The second stop off was Bootleg, “an oasis of beer in a desert of wine”. Only one of us was game enough to take on the trademark Raging Bull, a 10% dark beer. After the first few sips he replied with “not that bad” but as the glass became more empty the facial expression became more dire. Clearly a beer best drunk in small amounts. The rest of us had a range of Hefeweiss, Pale & Amber ales; all of which were up to standards. The most memorable part of bootleg was the BBQ sauce. It was quite simply perfect! Made with the Raging Bull, it was a lot stronger than supermarket brands with a smokey finish. Myself and one of my friends ended up buying a bottle each to take home.

Stop #3, the final stop of Day 1, was Colonial. Again we split between Kolsch, Pale ales & Wheat beers. And again what stood out was the food. We ordered Brewery (tapas) platters which included Kalamata Olives, Turkish bread, Persian Fetta, Semi-sundried tomatoes & Caperberries. While most pubs use the cheapest possible, it was clear that this platter was made with top quality, homegrown produce.

We set off on Day 2 with a new designated driver, first stop Cowaramup. After a heavy day of drinking it was fair to say we weren’t in the best state for another big day. Nonetheless Cowaramup did have decent beer, once you found the place! within the first hour of being there we were almost asleep but we pushed on back to Duckstein & Colonial breweries.

Bug Ocean brewery is on the agenda for the next trip, as is Occys, Bush Shack & Wicked Ale breweries in Yallingup.

Breakwater(ing) the bank


Fancy taverns are becoming all the rage recently, Everyone likes a touch of class every now and then. And on top of the list in the last few years is the Breakwater Tavern (Perth, WA). The former dingy English watering hole struck gold when half of the old Mariner burned down Hillaries. The owners spend their hard earned cash from low end business to invest in a destroyed, burnt & crippled location 100 metres down the jetty in the marina. This soon became the most iconic location in one of Perths biggest Tourist & local magnets. The first thing you notice when you step into the marina is the super-sized “BREAKWATER” bolded across large glass & polished metal & varnished wooden surfaces. The impressive outer skin of the re-vamped tavern is only matched by an immaculate interior. Crystal lighting cascades from the roof, glass glistens (and vodka rotates!) behind the bar and the fancy decor is obviously cleaned with precision every night.

Taverns like the modern breakwater come with a price. All the beer is 50c to $1 more expensive than regular “ordinary Joe” pubs. However its okay, because they are served in very nice looking glasses, surrounded by decent views & a good crowd. They offer all the regulars with Hahn, James Squire & Little Creatures on tap. However they also offer some more exclusive lines including Kirin & Steinlager (they do also offer beer for the less fortunate – budweiser, tooheys, summer bright). I have been told their wine & cocktail lists are equally as diverse & impressive.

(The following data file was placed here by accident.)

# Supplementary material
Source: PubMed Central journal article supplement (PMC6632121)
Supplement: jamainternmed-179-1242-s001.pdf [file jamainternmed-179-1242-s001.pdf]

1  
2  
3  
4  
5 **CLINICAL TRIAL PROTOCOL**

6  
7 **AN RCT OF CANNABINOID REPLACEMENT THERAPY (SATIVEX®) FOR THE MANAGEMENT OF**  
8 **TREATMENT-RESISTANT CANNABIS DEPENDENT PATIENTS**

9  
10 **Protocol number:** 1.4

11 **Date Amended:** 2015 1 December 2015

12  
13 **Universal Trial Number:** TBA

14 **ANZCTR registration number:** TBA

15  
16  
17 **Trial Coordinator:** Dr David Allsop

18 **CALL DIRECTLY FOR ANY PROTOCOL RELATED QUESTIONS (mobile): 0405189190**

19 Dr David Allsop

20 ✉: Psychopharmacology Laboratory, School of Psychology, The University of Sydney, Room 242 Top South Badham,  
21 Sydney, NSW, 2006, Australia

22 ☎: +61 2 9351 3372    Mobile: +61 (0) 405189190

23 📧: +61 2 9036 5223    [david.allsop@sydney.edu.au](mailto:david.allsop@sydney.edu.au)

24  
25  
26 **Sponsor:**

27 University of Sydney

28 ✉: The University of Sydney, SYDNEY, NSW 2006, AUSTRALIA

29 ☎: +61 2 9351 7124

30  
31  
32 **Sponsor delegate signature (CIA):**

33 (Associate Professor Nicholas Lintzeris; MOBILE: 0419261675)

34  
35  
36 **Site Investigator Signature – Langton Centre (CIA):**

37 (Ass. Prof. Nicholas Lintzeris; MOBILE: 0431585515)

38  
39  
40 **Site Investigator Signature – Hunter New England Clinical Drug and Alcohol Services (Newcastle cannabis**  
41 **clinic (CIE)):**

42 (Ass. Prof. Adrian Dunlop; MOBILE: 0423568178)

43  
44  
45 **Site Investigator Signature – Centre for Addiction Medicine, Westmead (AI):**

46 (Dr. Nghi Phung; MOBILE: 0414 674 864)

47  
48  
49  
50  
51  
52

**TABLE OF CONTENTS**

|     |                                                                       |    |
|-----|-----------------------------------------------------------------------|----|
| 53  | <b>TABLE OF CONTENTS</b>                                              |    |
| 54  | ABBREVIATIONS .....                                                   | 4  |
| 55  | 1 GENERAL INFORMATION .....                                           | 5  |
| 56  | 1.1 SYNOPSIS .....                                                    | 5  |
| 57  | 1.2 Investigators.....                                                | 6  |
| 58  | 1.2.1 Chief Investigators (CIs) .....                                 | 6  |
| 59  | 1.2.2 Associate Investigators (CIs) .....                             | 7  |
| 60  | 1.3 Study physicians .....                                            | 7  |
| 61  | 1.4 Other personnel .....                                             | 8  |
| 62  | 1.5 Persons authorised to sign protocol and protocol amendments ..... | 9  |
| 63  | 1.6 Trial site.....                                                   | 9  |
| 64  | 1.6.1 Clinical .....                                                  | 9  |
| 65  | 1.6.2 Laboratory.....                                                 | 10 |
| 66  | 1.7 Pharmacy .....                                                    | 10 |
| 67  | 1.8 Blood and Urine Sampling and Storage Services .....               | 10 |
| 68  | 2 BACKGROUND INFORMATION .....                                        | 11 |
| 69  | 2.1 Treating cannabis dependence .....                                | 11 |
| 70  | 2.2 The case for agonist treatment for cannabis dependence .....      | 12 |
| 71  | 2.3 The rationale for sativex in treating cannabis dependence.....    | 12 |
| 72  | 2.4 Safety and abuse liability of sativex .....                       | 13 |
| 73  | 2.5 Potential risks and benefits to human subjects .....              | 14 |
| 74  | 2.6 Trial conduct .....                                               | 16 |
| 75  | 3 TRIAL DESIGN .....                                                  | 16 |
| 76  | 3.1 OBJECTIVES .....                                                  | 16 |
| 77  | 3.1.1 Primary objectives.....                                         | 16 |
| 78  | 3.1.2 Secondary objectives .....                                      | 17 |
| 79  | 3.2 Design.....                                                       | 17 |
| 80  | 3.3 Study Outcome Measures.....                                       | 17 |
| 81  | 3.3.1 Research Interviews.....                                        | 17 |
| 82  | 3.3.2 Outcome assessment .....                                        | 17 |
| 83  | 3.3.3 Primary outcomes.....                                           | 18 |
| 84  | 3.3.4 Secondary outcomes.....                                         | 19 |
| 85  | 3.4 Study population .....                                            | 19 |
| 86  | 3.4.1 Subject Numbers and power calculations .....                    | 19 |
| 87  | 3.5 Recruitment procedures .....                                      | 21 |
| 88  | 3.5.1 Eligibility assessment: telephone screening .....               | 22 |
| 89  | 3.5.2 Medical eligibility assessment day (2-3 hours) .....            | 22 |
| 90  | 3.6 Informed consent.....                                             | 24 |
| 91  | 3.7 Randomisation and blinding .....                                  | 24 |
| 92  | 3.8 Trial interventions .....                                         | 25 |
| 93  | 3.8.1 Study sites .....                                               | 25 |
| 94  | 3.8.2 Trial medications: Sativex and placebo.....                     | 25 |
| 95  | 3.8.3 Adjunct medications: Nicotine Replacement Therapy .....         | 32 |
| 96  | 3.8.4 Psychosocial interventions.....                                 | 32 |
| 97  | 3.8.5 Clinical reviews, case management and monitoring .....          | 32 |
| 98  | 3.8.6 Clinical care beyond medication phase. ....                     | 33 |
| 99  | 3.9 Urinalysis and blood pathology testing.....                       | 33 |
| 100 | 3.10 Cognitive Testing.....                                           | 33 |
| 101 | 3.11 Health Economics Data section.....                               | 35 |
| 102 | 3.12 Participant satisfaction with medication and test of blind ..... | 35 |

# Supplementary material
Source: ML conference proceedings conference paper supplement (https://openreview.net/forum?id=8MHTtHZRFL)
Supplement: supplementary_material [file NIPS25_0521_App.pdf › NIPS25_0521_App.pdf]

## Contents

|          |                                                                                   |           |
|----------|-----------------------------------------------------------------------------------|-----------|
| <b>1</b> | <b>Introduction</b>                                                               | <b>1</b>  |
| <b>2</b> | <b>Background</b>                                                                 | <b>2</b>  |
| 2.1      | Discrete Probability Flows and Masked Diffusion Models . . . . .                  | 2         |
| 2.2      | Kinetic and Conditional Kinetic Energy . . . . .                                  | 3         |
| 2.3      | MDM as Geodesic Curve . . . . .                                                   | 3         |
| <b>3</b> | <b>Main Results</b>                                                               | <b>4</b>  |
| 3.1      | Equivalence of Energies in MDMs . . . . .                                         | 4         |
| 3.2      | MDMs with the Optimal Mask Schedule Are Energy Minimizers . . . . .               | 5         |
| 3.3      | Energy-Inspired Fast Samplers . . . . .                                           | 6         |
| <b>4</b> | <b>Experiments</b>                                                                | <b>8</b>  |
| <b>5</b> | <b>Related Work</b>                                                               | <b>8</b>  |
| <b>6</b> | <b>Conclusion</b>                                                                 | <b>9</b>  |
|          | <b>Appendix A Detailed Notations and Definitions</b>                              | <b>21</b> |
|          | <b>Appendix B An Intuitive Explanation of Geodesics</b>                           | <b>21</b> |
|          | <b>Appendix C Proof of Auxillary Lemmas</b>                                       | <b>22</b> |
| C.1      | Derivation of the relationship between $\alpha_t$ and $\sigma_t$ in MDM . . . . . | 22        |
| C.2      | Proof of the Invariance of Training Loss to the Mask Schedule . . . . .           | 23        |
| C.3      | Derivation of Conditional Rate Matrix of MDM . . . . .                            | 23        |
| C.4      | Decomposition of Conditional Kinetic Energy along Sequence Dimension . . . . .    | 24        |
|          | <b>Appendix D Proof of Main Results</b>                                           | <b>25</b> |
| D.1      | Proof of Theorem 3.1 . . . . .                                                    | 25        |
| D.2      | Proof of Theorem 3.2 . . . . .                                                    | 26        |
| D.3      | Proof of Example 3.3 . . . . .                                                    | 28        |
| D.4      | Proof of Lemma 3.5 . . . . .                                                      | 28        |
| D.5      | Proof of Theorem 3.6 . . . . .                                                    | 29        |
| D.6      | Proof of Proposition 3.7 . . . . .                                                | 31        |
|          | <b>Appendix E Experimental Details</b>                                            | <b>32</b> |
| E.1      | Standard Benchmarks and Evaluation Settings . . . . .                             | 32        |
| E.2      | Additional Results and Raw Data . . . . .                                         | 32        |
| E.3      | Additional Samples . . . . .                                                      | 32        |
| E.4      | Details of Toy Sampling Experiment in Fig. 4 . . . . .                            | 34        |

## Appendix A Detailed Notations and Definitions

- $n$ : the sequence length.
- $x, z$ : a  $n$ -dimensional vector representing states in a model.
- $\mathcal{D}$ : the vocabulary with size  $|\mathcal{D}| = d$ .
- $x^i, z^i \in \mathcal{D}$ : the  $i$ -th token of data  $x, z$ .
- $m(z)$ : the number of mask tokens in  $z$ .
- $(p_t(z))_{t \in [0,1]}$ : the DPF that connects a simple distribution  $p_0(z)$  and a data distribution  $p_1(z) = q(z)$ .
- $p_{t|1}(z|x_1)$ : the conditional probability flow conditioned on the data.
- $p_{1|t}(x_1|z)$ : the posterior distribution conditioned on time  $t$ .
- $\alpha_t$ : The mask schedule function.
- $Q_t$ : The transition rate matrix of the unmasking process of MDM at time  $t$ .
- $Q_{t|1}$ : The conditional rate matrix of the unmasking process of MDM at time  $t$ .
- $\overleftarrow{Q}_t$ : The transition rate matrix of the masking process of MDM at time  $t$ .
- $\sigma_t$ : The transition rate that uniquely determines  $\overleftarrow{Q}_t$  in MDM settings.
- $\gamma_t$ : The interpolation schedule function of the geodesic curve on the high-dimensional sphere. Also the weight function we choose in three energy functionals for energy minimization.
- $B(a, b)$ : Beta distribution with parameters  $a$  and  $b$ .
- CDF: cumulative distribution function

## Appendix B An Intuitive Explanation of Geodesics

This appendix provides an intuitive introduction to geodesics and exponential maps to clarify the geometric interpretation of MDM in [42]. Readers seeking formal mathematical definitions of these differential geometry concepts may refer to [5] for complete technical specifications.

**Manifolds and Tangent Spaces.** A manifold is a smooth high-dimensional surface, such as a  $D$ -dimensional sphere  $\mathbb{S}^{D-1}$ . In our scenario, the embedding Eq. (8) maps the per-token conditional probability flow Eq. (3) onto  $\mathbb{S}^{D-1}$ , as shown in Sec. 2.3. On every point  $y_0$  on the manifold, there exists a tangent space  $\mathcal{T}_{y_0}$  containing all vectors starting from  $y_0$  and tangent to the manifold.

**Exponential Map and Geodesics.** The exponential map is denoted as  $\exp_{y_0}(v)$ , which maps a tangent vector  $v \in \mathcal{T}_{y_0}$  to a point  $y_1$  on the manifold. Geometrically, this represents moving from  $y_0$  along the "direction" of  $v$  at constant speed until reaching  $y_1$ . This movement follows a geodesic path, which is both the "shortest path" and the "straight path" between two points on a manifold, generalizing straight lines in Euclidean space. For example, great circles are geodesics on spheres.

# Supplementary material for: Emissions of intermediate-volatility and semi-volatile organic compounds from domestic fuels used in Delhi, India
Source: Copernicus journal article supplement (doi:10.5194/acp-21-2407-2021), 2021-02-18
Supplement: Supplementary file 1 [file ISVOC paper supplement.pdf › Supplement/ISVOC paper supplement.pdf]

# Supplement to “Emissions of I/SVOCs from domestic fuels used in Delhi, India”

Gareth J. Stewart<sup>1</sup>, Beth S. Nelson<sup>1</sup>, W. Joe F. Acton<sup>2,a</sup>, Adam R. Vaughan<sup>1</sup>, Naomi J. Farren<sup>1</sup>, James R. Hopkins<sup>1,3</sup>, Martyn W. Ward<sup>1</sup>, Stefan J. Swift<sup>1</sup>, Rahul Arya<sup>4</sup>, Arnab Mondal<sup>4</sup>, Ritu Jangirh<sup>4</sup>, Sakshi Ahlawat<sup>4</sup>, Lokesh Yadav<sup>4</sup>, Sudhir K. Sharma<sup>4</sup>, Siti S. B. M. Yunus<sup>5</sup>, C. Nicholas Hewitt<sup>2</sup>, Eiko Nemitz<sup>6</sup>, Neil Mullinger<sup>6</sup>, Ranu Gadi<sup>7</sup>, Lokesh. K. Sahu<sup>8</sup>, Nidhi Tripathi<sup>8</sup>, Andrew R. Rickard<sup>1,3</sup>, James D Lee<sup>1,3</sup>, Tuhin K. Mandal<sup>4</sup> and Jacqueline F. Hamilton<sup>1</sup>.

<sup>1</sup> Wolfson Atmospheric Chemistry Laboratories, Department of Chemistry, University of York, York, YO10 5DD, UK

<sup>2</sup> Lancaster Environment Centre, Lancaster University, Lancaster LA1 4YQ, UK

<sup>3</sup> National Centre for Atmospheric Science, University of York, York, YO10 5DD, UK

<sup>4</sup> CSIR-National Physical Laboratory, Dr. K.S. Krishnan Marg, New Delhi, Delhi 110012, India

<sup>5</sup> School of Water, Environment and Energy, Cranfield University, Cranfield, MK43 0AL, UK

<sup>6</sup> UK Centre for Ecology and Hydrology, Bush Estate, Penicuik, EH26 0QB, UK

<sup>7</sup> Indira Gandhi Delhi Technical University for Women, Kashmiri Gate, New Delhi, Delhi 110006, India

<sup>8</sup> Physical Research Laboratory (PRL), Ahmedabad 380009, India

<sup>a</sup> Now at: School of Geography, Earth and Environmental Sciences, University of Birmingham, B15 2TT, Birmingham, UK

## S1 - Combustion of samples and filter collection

Then theres the food. To put it blunt, its disappointing, extremely disappointing. For $8 you get a plate of fries the size of a medium box at Macdonalds. And they don’t even have the decency to beer batter them, or offer your choice of dips. For such a high price you would expect a lot more right.. surely pizzas would be fulfilling? Well no; the pizzas, whilst filling a whole plate, have very minimal toppings (maybe to make you buy more?). Then theres the mains. The only meal on the main menu worth the money is the open Wagyu Sandwich at $24. even so I would only just put it inside feasability. Out of a minimal 8 choices, there is not one under $20.. for gods sake a side salad (worth a few cents, which most places give for free) costs $8! EIGHT DOLLARS for some lettuce! It’d be cheaper to use fuel to drive to a grocery store and buy your own then come back.

So whilst good, and reasonably expensive, the Breakwater tavern does not provide on the food front. Luckily there is plenty of amazing food outlets within metres such as Little Ceasers, FAB burgers, Hippo Creek, Sharkies, San Churros, Harbour Terrace etc. etc. To truly be classed as one of the best, The Breakwater seriously needs to reconsider its stingy food menu.

le fin.

Uni Tav. why its so cheap.


University taverns have a reputation for being cheap whilst maintaining good quality. They have to be, for one simple reason – university students are mostly either poor, stingy, or poor and stingy. Uni students need cheap, and they need variety. If you were to go to, for example, Curtin University Tavern you would be faced with a fine choice of tap beers – from Swan Draught to James Squire Amber Ale then further to Boutique beers from WAs famous Microbreweries – Curtin tavern supplies for all demands. And they don’t fall short on choice for food either. A list from roof to floor full of delicious pastas, pizzas, snack foods, sandwiches, salads and meats – all at a very reasonable price to!

The big difference of course, is price. The average price for a pint of Swan Draught (cheapest tap beer) is $7.50. At Curtin Tavern you can pick up a pint of of Hahn Super dry (mid-range beer) for the same price.. and for the more fancy theres Little Creatures or James Squire brews for little over $8 with Guild membership. Astonishing savings that leave you wondering why its so expensive everywhere else? Well the answer is simple. University taverns have a guaranteed audience. Thousands of uni students – statistically the biggest drinkers in societies worldwide – need a place to chill between lectures, and what better than to have a quiet, cheap drink with new classmates or old friends. The amount consumed depends on price. When you have a guaranteed crowd, lowering the prices will be sure to increase profit.